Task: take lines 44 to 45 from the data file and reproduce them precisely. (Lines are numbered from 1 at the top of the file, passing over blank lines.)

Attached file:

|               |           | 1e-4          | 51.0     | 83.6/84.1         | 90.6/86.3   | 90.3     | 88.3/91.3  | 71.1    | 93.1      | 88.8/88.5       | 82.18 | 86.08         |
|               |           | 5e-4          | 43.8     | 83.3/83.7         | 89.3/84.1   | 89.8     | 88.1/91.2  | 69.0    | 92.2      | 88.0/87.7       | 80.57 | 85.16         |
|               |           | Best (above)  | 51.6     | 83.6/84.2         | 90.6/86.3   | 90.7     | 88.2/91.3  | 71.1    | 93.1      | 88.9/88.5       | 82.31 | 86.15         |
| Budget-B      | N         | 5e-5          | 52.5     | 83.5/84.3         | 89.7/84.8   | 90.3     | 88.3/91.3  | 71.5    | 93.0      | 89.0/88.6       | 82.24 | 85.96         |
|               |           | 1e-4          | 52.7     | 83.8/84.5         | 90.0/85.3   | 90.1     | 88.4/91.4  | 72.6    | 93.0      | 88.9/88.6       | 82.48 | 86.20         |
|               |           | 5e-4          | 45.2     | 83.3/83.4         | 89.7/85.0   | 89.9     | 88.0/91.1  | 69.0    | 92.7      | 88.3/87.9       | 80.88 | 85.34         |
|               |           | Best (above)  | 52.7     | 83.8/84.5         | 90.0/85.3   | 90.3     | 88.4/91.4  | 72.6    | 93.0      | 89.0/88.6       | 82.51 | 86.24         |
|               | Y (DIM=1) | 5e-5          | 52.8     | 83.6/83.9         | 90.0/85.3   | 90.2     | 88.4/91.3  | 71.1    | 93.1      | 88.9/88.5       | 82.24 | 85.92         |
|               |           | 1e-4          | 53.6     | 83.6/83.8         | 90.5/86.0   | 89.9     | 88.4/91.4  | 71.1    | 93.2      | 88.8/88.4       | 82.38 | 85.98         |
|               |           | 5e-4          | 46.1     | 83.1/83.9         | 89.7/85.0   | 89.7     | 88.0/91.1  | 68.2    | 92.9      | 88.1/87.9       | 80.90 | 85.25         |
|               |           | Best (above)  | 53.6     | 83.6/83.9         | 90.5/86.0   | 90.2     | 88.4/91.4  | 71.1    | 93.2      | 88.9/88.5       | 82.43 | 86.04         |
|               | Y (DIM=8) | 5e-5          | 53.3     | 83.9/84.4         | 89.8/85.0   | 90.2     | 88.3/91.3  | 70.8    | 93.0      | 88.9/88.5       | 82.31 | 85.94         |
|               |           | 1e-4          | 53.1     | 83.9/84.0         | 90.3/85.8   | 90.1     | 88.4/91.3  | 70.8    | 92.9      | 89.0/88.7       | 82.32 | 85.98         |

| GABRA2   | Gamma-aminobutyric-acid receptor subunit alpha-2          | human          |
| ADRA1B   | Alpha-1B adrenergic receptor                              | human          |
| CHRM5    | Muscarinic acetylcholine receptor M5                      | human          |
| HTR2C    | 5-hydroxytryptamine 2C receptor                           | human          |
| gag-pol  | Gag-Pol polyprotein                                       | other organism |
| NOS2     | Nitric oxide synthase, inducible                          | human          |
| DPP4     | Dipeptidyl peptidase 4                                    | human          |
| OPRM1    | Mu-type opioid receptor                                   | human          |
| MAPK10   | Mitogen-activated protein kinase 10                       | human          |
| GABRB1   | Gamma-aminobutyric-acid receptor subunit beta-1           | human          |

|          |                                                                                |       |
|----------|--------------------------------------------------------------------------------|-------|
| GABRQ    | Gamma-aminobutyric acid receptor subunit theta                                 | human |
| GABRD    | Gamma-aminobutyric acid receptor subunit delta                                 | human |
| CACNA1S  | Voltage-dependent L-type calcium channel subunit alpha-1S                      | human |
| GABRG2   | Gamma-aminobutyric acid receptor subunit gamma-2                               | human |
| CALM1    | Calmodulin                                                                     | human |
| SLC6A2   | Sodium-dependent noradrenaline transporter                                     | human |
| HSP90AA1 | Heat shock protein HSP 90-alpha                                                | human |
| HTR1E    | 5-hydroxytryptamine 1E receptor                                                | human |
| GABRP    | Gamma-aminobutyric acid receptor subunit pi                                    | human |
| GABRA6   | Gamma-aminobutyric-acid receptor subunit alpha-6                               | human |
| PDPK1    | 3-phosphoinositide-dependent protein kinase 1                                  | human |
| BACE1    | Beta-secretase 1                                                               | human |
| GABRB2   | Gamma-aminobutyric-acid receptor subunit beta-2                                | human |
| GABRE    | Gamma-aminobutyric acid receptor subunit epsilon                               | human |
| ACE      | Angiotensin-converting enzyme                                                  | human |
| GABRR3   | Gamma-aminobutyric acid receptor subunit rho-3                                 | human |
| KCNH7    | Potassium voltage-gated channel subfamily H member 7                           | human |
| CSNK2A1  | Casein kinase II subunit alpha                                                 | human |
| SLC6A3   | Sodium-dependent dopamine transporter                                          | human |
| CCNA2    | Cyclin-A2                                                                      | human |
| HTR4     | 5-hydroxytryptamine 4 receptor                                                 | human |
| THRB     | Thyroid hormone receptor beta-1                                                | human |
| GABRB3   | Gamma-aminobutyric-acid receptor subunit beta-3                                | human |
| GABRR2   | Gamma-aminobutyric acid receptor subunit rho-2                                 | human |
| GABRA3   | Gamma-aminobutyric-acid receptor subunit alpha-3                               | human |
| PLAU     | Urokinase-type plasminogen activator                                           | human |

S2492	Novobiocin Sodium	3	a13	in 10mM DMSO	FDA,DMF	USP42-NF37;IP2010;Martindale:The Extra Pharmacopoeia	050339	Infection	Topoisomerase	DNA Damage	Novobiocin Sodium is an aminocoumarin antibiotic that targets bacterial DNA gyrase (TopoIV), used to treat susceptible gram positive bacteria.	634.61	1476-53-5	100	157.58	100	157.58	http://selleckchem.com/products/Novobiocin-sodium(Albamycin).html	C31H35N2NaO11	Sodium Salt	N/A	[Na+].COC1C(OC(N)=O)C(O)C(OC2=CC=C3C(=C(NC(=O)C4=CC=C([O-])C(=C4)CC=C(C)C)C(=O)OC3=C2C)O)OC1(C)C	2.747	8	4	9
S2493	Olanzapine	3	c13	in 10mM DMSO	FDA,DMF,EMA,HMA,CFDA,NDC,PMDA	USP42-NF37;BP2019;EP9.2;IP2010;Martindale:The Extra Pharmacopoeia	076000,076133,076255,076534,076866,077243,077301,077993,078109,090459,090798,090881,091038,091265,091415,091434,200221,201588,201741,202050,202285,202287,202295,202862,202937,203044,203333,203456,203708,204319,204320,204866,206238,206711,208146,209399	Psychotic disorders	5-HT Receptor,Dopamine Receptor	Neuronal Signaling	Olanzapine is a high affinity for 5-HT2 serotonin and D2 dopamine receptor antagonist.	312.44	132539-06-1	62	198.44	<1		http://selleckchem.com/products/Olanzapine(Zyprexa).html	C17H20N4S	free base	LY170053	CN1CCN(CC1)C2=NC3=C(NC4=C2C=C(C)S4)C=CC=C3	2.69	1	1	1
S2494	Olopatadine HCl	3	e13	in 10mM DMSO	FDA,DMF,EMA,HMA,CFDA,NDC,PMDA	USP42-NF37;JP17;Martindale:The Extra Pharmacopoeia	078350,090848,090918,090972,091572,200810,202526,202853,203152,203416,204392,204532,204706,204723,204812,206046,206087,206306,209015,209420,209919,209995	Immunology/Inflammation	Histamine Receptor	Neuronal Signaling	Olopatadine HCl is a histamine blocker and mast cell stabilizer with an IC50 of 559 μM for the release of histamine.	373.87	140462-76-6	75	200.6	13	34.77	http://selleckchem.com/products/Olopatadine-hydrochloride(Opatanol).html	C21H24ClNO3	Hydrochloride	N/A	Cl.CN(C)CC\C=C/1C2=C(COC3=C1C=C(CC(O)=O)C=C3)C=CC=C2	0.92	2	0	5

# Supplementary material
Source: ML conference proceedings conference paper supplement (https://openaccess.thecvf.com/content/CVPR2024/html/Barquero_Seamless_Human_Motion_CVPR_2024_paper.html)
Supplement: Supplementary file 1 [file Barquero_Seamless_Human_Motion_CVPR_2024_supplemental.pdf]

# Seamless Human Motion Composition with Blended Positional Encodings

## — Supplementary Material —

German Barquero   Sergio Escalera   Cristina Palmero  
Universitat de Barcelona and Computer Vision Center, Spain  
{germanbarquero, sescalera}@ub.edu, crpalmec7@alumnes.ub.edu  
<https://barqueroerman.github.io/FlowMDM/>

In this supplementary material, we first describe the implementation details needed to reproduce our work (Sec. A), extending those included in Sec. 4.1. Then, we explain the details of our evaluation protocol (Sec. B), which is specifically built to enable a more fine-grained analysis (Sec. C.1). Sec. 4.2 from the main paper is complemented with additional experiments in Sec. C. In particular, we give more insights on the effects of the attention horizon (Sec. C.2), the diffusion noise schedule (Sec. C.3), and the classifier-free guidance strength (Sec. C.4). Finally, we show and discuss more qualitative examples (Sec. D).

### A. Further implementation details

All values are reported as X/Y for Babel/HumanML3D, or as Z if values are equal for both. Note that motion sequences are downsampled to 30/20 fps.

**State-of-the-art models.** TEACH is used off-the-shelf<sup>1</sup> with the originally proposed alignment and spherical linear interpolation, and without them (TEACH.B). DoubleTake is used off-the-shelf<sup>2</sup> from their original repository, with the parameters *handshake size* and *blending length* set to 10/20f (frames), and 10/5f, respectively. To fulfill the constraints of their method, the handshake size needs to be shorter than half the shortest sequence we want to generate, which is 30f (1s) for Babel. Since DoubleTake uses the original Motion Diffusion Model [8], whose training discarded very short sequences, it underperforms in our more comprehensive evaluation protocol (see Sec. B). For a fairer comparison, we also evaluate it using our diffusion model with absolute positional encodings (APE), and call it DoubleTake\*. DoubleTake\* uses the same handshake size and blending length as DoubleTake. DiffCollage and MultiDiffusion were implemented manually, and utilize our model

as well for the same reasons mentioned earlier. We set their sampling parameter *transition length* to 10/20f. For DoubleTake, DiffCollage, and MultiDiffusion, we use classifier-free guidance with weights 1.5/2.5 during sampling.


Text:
| SLC6A3   | Sodium-dependent dopamine transporter                                          | human |
| CCNA2    | Cyclin-A2                                                                      | human |